Nuclear medicine—radionuclide myocardial perfusion imaging

      The most common technique used for radionuclide myocardial perfusion imaging (RMPI) is called single photon emission CT (SPECT) imaging. This technique uses a gamma-emitting radioisotope (called radionuclide) that is injected into the bloodstream of the patient at peak stress and/or at rest. For RMPI studies, the effective dose ranges between 2 and 32 mSv depending on the radioisotope and protocol used, with dual isotope protocols having the highest effective doses.
      • Mettler F.A.
      • Huda W.
      • Yoshizumi T.T.
      • Mahesh M.
      Effective doses in radiology and diagnostic nuclear medicine: a catalog.
      • Einstein A.J.
      • Moser K.W.
      • Thompson R.C.
      • Cerqueira M.D.
      • Henzlova M.J.
      Radiation dose to patients from cardiac diagnostic imaging.
      With respect to radiation exposure, there are a number of qualitative differences between RMPI and other cardiac imaging modalities.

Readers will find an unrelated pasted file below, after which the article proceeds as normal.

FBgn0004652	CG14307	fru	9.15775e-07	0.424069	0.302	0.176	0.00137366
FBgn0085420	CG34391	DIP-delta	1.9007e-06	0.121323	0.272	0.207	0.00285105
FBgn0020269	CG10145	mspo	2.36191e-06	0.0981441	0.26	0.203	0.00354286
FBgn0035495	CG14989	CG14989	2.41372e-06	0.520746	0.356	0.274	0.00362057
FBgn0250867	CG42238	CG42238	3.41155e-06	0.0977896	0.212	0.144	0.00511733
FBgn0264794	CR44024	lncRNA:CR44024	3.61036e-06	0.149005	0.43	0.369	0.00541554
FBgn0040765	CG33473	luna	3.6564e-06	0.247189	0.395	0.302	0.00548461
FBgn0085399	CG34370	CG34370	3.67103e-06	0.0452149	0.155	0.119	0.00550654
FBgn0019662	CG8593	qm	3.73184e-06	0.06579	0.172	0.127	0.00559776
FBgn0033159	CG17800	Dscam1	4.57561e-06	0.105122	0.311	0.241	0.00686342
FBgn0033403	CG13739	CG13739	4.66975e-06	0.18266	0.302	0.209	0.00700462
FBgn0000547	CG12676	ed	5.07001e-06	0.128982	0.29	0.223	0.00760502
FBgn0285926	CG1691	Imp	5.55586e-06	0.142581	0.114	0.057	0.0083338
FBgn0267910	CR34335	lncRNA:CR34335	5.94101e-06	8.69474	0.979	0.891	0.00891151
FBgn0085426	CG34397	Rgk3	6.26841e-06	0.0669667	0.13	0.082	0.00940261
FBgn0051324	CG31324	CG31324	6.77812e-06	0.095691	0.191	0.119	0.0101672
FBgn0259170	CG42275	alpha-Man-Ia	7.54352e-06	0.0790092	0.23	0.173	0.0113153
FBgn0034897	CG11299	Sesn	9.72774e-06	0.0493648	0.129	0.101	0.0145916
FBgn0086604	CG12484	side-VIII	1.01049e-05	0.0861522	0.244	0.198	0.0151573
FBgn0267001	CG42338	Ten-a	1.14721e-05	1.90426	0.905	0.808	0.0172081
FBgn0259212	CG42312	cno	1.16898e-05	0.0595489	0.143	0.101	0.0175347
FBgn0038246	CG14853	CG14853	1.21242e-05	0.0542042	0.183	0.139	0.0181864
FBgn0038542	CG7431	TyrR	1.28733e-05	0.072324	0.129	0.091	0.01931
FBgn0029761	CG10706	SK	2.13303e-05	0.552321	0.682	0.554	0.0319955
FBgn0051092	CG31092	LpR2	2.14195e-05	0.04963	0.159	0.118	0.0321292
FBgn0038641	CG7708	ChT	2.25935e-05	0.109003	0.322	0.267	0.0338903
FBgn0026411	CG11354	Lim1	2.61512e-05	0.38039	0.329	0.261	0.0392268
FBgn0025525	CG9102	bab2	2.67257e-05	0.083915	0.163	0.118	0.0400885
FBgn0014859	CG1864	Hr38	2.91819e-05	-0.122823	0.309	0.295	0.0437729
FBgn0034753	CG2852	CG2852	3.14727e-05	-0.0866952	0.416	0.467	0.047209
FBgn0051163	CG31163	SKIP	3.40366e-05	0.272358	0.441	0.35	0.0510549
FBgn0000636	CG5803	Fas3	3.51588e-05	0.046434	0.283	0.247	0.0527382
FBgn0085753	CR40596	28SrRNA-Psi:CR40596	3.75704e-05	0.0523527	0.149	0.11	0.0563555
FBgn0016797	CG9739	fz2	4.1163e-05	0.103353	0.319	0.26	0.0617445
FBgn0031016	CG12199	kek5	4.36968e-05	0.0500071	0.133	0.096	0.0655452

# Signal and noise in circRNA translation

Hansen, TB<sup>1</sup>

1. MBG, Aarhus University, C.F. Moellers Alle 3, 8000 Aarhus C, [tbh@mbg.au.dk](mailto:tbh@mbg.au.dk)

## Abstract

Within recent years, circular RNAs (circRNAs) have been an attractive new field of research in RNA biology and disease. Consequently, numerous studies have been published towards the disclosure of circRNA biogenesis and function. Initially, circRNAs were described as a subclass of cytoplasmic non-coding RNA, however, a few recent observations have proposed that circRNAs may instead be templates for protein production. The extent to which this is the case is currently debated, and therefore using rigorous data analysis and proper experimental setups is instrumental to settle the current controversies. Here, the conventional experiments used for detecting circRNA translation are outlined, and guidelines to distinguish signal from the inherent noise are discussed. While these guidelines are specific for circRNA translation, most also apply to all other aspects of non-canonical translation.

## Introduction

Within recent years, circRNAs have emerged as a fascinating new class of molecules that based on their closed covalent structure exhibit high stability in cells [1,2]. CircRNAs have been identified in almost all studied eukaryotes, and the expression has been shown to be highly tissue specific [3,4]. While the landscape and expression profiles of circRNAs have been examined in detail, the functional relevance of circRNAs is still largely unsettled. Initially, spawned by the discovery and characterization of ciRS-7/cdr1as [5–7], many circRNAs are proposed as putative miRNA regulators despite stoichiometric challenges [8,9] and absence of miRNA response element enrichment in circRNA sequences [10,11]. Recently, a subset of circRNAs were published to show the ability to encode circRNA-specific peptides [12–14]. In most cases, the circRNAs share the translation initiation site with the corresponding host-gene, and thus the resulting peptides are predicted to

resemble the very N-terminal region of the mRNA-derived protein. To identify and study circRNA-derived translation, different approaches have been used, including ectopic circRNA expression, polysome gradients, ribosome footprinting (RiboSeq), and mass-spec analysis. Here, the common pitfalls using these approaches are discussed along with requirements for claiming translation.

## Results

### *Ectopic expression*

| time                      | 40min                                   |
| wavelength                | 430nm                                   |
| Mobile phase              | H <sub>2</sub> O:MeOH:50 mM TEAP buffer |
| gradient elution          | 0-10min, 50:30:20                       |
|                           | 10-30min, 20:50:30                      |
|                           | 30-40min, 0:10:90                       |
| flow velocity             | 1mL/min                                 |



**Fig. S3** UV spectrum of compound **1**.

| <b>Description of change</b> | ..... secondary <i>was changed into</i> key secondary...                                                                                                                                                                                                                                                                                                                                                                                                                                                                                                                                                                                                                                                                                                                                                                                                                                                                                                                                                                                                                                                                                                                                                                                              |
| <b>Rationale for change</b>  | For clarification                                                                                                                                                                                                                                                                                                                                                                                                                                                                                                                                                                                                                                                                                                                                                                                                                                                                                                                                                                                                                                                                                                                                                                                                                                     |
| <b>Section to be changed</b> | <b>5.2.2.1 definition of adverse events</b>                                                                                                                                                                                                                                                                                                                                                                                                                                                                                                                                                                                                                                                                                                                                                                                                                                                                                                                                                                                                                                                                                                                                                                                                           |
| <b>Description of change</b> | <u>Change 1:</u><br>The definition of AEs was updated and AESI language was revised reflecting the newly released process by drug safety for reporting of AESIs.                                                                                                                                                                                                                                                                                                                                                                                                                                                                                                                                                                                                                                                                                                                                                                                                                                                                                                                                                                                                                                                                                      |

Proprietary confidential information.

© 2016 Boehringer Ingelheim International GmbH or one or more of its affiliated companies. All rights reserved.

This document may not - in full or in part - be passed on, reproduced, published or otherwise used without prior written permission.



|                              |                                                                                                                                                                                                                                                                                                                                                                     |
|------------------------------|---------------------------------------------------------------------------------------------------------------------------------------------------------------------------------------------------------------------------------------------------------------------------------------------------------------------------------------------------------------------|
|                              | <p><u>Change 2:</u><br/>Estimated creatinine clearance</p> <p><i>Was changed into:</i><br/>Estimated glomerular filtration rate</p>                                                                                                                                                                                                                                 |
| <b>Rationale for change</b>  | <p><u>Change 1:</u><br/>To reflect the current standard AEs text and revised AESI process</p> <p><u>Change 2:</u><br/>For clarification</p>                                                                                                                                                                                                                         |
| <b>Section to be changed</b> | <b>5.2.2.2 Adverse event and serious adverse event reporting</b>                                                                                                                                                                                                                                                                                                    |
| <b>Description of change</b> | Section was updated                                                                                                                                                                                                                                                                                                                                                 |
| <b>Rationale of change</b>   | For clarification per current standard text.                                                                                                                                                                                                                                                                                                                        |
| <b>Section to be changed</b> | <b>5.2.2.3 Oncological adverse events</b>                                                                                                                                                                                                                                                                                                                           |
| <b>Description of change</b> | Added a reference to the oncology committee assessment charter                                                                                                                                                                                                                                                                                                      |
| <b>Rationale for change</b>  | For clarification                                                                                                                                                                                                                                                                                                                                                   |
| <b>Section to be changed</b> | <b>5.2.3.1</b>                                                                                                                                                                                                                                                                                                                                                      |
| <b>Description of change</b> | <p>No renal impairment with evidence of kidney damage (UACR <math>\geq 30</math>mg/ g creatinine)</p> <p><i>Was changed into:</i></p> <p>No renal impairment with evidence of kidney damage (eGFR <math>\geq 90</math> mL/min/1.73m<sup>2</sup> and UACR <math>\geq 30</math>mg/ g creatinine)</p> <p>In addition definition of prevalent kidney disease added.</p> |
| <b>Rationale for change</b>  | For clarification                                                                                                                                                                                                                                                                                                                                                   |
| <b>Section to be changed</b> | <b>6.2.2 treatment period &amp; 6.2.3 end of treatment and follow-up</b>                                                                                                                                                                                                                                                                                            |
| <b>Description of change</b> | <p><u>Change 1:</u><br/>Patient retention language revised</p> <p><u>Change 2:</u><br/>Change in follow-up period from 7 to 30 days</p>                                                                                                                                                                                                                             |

• Mercuri M.
      • Rehani M.M.
      • Einstein A.J.
      Tracking patient radiation exposure: challenges to integrating nuclear medicine with other modalities.
      The primary difference is the source of the ionizing radiation (radiopharmaceutical inside the body vs external radiation field), and consequently, how radiation exposure and dose are measured. In RMPI studies, radiation exposure is expressed in terms of administered activity. This is the number of decays per second and is typically measured in millions of becquerels. The International Commission on Radiological Protection (ICRP) outlines methods for estimating radiation dose based on the administered activity.